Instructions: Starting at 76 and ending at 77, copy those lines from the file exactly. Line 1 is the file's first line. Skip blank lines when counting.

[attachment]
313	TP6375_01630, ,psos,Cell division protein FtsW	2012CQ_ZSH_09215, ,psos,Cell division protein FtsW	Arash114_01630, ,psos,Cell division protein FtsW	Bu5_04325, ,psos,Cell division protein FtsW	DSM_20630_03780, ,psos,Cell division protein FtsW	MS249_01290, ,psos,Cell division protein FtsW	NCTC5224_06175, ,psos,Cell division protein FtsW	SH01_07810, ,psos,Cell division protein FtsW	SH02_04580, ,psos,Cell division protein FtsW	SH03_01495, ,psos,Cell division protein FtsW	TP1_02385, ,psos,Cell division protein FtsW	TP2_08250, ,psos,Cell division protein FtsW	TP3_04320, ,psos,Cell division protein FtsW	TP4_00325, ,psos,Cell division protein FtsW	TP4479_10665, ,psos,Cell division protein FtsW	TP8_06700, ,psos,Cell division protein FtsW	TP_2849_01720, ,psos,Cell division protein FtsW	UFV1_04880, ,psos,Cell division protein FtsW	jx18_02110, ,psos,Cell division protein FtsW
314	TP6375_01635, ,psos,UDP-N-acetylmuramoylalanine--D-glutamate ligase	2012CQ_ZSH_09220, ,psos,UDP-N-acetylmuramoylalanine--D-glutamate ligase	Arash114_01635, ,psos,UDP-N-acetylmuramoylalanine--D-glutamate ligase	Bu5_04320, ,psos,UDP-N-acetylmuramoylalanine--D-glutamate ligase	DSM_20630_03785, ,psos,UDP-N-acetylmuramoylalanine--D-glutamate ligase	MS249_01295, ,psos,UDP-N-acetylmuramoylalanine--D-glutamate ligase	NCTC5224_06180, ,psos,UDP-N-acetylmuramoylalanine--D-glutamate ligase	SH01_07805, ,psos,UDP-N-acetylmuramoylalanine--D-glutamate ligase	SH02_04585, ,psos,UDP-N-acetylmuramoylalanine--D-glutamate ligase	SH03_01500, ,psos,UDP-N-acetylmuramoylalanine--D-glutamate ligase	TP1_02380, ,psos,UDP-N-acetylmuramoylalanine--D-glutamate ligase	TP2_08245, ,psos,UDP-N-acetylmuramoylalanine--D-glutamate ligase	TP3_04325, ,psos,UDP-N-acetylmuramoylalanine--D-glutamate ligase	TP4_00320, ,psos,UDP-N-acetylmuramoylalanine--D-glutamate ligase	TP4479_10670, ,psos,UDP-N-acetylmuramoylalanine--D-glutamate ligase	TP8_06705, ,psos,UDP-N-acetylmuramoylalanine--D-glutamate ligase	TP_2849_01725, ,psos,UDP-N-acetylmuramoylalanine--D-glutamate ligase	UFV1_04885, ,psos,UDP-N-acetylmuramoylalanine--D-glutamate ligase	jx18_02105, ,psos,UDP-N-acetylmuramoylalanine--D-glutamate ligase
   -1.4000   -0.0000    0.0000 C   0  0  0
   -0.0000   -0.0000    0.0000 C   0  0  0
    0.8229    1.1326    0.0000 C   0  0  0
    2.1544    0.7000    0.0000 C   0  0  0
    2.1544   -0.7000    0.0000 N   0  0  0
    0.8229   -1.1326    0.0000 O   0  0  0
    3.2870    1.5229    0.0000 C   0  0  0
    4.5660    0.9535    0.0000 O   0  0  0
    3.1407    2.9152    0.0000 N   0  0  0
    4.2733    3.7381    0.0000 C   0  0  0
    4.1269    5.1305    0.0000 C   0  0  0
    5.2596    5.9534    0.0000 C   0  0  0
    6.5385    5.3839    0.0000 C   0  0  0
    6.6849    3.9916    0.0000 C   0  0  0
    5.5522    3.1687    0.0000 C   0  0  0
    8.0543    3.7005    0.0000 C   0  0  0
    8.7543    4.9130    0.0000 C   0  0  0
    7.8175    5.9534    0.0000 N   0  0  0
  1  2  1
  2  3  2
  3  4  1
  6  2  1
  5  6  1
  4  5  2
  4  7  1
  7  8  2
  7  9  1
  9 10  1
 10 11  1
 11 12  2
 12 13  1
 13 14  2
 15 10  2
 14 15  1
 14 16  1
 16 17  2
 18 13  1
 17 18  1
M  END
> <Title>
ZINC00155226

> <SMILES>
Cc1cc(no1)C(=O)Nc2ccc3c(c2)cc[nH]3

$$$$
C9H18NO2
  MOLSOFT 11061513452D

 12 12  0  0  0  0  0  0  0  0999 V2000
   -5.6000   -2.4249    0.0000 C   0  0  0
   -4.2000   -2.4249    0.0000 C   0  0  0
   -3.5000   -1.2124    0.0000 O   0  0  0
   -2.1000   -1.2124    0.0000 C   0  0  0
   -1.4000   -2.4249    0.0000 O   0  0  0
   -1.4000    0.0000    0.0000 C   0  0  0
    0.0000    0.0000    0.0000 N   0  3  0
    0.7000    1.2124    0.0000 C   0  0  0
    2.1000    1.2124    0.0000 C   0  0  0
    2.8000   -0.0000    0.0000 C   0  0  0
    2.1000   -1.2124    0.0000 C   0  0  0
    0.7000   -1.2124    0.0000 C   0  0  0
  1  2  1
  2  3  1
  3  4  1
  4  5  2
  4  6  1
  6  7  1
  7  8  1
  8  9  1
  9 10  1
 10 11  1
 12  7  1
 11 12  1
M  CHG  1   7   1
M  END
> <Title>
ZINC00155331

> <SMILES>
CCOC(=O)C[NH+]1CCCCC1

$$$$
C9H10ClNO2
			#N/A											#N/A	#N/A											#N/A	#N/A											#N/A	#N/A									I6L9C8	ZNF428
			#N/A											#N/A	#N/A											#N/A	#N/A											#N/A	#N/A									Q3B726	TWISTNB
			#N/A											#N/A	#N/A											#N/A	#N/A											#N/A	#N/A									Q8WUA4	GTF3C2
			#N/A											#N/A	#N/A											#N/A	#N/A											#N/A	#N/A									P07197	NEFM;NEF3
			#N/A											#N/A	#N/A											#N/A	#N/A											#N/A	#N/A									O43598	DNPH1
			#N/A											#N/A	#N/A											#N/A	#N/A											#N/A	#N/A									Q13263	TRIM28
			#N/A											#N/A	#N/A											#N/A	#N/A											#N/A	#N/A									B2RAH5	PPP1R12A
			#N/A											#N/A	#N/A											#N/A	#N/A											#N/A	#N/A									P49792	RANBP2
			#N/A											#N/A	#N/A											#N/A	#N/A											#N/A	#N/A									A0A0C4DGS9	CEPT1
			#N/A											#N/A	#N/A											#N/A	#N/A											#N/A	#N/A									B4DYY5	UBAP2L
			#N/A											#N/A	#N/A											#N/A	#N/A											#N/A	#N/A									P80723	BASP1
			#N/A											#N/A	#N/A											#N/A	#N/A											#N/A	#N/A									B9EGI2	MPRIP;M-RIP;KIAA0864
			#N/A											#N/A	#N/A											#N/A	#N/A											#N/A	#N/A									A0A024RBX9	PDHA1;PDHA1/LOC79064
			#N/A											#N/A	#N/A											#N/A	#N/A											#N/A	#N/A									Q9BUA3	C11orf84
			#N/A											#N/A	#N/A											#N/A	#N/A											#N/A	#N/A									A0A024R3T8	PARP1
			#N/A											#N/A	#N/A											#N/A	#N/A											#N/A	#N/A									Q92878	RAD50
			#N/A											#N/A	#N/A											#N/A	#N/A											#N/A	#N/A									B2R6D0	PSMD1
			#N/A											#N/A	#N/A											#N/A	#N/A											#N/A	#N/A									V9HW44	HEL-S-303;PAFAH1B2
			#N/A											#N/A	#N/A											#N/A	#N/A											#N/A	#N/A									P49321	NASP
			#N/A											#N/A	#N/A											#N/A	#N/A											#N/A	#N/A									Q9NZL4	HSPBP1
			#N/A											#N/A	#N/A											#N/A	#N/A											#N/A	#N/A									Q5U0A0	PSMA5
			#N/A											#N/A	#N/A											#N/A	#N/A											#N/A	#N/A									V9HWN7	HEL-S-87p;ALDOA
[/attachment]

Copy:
> <Title>
ZINC00155331